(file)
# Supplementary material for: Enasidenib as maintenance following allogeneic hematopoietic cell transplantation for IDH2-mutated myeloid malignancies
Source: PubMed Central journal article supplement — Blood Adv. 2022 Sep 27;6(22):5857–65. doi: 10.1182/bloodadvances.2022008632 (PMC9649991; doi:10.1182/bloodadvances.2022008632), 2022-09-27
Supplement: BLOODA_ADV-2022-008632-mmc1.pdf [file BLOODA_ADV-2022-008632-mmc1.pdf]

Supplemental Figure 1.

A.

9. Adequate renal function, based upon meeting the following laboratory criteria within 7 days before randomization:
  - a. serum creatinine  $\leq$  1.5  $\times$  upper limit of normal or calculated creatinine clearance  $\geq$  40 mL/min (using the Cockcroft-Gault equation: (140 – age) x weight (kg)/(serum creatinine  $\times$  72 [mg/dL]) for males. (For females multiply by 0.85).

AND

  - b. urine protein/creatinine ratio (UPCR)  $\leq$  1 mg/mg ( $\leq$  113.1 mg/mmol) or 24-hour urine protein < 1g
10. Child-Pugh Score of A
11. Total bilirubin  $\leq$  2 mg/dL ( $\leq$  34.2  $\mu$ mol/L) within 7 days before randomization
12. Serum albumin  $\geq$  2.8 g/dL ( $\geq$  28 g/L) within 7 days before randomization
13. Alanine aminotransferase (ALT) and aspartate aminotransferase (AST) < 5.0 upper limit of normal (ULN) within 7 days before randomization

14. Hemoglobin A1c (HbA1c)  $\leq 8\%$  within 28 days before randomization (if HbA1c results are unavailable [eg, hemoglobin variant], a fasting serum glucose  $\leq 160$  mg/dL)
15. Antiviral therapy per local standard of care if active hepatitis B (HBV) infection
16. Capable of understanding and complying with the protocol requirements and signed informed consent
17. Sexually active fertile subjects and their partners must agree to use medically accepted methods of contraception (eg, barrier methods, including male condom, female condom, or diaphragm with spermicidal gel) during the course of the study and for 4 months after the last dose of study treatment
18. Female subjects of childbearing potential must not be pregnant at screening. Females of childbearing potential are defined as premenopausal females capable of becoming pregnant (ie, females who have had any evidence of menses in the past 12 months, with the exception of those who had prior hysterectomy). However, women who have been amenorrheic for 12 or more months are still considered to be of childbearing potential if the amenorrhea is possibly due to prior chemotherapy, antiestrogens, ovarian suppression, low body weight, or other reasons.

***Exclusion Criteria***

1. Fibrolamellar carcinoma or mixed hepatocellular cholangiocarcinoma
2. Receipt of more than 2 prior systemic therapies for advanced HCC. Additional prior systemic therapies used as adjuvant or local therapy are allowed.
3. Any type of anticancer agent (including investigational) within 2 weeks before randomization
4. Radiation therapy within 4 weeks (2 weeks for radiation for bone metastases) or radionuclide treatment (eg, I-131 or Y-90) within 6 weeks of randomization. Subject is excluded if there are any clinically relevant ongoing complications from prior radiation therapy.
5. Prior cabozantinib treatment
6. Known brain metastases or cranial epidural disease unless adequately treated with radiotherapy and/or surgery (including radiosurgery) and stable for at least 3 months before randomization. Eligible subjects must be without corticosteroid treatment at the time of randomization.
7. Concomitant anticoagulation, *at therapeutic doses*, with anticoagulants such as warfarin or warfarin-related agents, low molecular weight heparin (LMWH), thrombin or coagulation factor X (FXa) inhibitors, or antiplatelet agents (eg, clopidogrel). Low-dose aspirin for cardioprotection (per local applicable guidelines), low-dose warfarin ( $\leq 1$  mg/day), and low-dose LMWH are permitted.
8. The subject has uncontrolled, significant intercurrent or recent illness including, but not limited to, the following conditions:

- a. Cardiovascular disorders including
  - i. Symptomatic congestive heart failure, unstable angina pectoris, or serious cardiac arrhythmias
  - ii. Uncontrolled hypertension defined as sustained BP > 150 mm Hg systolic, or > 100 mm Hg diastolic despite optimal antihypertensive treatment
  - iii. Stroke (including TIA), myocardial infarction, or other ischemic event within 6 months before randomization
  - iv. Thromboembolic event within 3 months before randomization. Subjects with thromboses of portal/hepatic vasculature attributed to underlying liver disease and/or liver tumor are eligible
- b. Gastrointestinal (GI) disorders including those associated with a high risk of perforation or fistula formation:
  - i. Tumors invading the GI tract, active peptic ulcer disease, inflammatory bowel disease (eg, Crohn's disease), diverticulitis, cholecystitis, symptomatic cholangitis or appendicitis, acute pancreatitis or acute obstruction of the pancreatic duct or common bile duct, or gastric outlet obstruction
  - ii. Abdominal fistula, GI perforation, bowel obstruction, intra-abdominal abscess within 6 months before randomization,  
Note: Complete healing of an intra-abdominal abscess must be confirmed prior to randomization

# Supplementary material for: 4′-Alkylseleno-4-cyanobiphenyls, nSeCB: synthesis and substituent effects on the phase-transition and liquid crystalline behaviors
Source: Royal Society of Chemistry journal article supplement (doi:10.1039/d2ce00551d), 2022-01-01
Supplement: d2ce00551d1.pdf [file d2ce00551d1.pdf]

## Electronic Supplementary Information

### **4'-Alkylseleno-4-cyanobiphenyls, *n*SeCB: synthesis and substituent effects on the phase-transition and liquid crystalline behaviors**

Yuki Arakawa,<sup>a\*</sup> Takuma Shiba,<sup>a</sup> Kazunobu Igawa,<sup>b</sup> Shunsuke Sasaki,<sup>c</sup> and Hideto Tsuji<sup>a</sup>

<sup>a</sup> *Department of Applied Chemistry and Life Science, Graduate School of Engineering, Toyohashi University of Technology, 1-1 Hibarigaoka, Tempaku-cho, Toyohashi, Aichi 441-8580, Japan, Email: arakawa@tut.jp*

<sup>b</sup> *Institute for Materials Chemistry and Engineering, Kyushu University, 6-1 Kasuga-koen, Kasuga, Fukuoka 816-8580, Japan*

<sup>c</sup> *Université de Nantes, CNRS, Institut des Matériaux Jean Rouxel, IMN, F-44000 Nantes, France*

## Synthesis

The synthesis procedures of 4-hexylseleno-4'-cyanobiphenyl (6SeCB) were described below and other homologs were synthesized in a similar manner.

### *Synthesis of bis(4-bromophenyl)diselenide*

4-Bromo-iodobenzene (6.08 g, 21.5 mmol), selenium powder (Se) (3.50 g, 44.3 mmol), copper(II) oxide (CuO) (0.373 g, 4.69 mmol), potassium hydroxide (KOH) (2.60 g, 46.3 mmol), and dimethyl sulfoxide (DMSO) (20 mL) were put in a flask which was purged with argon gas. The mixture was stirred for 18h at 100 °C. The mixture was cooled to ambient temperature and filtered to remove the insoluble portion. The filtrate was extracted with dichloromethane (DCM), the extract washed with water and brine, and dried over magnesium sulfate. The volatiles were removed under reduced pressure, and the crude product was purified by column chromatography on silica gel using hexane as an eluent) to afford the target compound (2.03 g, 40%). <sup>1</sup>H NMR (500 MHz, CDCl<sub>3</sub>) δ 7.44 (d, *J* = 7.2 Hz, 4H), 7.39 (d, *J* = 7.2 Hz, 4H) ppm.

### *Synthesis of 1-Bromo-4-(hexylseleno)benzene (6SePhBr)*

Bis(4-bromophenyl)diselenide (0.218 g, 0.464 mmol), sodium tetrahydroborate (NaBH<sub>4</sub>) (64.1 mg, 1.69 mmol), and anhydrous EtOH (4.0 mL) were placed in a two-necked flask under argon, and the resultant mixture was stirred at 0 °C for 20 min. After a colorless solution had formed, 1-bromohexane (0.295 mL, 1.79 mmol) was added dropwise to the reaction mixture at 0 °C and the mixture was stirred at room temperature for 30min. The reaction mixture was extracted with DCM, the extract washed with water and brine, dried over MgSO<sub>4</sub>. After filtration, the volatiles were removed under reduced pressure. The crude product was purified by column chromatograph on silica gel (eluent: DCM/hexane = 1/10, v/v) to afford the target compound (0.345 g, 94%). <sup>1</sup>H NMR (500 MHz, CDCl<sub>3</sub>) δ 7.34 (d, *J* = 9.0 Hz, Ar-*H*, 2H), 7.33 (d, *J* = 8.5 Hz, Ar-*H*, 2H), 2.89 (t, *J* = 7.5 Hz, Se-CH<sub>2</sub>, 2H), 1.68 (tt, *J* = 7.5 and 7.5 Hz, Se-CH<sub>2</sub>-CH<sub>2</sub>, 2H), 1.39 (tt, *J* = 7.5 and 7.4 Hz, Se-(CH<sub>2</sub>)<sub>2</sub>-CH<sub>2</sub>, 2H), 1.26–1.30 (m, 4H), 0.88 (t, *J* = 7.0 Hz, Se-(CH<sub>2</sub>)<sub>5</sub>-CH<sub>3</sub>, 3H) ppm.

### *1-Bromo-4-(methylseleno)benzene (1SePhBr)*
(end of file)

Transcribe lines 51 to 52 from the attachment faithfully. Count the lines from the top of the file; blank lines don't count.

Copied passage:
Bis(4-bromophenyl)diselenide (0.218 g, 0.464 mmol), sodium tetrahydroborate (NaBH<sub>4</sub>) (64.1 mg, 1.69 mmol), and anhydrous EtOH (4.0 mL) were placed in a two-necked flask under argon, and the resultant mixture was stirred at 0 °C for 20 min. After a colorless solution had formed, 1-bromohexane (0.295 mL, 1.79 mmol) was added dropwise to the reaction mixture at 0 °C and the mixture was stirred at room temperature for 30min. The reaction mixture was extracted with DCM, the extract washed with water and brine, dried over MgSO<sub>4</sub>. After filtration, the volatiles were removed under reduced pressure. The crude product was purified by column chromatograph on silica gel (eluent: DCM/hexane = 1/10, v/v) to afford the target compound (0.345 g, 94%). <sup>1</sup>H NMR (500 MHz, CDCl<sub>3</sub>) δ 7.34 (d, *J* = 9.0 Hz, Ar-*H*, 2H), 7.33 (d, *J* = 8.5 Hz, Ar-*H*, 2H), 2.89 (t, *J* = 7.5 Hz, Se-CH<sub>2</sub>, 2H), 1.68 (tt, *J* = 7.5 and 7.5 Hz, Se-CH<sub>2</sub>-CH<sub>2</sub>, 2H), 1.39 (tt, *J* = 7.5 and 7.4 Hz, Se-(CH<sub>2</sub>)<sub>2</sub>-CH<sub>2</sub>, 2H), 1.26–1.30 (m, 4H), 0.88 (t, *J* = 7.0 Hz, Se-(CH<sub>2</sub>)<sub>5</sub>-CH<sub>3</sub>, 3H) ppm.

### *1-Bromo-4-(methylseleno)benzene (1SePhBr)*